A city east of the Jordan on the table-land of Gilead. It was the capital of the kingdom of Og, king of Bashan (Josh. ix. 10), though it would seem from other passages (Deut. i. 4; Josh. xii. 4, xiii. 12 and 31) that Edrei shared that honor. The two cities seem to have constituted his kingdom. Afterward Ashtaroth was one of the Levitical cities (I Chron. vi. 56 [A. V. 71]). Its name appears in the Old Testament as a plural, but it was no doubt originally simply "Ashtart," derived from the old Semitic goddess, whose temple it no doubt contained. The relation of Ashtaroth to Ashteroth Karnaim is obscure. Eusebius ("Onomastica," ed. Lagarde, ccix. 61, ccxiii. 39) gives two trans-Jordanic places called Ashtart. Buhl ("Geographie," pp. 248 et seq.) holds that there were two places, and identifies Tell-Ashtereh with Ashtaroth, and El-Muzêrîb with Ashtoreth Karnaim. Similarly, G. A. Smith in 1895 ("Historical Geography," map) identified Ashtaroth with Tell-Ashtereh, and Ashteroth Karnaim with Tell-Ashary, but has since found reason to discard this view.

It seems probable that there was in the Old Testament period only one city, known variously as "Ashtaroth," "Ashteroth Karnaim," and "Karnaim," and that the statement of Eusebius is due to the interchange which some of the names of the region underwent in the later time. This conclusion seems justified from the fact that the sources which are really old (the inscription of Thothmes III. [W. Max Müller, "Asien und Europa," p. 162], and El-Amarna letters; compare Schrader, "K. B." v. (see p. 206) Nos. 142, 237; and Sayce, "Patriarchal Palestine," pp. 133, 153) mention but one place, and that the Biblical material is all of such a nature as to make the supposition of two places unnecessary. The question can not be actually determined till the sites are explored.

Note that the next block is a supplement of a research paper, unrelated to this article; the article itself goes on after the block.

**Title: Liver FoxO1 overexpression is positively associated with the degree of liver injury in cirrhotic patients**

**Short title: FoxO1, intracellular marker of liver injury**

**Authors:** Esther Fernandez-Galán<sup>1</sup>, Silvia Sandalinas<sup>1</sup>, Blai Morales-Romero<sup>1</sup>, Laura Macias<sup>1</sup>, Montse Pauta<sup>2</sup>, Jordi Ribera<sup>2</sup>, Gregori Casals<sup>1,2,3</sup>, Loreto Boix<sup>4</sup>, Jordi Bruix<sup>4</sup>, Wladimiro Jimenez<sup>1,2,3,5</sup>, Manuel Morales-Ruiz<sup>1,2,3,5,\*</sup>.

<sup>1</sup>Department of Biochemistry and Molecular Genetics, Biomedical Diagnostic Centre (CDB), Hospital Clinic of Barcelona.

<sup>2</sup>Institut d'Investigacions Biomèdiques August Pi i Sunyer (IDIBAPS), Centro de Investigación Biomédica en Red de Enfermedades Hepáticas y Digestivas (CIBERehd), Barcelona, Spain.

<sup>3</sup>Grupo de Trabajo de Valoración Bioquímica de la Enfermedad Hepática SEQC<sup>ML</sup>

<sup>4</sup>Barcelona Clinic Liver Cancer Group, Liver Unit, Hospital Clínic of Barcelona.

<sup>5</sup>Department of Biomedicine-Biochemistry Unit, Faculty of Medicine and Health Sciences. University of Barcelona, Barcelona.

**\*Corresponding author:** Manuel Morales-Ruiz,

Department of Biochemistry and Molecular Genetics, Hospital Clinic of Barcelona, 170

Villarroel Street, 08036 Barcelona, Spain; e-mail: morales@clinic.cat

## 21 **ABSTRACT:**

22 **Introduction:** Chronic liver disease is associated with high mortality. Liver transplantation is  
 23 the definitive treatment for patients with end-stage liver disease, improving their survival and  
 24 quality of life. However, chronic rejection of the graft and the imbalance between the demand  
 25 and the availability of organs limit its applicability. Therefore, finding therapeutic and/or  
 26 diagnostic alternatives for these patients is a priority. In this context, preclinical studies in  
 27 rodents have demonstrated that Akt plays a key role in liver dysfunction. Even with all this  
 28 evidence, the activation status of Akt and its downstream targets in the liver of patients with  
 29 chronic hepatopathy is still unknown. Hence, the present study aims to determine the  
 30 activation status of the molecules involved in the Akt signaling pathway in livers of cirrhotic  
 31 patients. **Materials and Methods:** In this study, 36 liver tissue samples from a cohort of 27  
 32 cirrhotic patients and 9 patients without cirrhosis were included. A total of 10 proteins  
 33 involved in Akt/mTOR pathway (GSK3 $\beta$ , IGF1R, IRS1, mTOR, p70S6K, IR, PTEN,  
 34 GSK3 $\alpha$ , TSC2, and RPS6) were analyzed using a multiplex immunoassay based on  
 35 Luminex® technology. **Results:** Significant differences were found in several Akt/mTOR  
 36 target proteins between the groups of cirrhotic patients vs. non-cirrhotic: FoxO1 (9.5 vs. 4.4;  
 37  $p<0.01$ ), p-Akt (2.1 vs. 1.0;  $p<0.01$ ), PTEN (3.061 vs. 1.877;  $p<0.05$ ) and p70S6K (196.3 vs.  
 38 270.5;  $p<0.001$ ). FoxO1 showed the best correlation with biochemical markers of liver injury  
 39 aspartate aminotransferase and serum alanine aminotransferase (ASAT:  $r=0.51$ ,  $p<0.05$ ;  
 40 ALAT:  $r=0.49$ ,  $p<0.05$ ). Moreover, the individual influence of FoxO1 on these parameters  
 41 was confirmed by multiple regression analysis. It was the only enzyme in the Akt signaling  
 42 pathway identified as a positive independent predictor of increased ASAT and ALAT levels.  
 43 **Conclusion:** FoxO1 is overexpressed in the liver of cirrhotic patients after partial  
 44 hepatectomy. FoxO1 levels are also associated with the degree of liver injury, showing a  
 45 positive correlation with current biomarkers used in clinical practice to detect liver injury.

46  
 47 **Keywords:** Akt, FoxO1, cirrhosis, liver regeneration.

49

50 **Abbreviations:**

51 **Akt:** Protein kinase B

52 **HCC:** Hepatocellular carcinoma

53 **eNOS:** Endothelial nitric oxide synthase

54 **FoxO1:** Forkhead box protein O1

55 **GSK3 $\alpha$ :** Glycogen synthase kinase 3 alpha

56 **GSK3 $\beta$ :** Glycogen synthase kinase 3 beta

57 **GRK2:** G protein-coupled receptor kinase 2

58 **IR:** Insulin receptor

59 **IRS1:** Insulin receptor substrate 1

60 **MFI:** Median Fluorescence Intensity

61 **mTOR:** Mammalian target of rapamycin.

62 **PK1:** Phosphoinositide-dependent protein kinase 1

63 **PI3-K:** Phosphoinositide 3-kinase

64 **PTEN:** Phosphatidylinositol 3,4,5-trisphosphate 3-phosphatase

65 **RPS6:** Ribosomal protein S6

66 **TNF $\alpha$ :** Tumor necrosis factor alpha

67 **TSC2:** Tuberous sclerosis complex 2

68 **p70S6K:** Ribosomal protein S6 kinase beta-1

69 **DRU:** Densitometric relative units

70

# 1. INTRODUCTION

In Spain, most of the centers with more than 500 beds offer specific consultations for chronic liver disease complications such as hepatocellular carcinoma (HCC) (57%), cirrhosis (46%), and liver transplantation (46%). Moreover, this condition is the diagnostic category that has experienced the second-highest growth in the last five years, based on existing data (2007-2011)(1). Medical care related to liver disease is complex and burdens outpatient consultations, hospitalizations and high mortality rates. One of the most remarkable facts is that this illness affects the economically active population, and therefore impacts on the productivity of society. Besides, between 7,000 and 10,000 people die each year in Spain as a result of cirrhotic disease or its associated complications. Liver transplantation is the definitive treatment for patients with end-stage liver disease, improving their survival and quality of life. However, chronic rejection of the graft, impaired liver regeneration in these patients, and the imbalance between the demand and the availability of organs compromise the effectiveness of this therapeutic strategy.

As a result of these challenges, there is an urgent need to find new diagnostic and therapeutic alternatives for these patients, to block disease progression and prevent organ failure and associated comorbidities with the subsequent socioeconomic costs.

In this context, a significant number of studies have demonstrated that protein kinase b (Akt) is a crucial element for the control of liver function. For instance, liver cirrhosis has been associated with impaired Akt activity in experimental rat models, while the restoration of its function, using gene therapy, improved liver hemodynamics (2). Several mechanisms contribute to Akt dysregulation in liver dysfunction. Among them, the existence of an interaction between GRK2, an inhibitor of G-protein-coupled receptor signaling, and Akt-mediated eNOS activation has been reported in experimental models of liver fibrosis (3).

• Schumacher, Across the Jordan, pp. 121-147;
  • Merrill, East of Jordan, 329 et seq.;
  • and the bibliography under Ashtoreth.
J. Jr. G. A. B.
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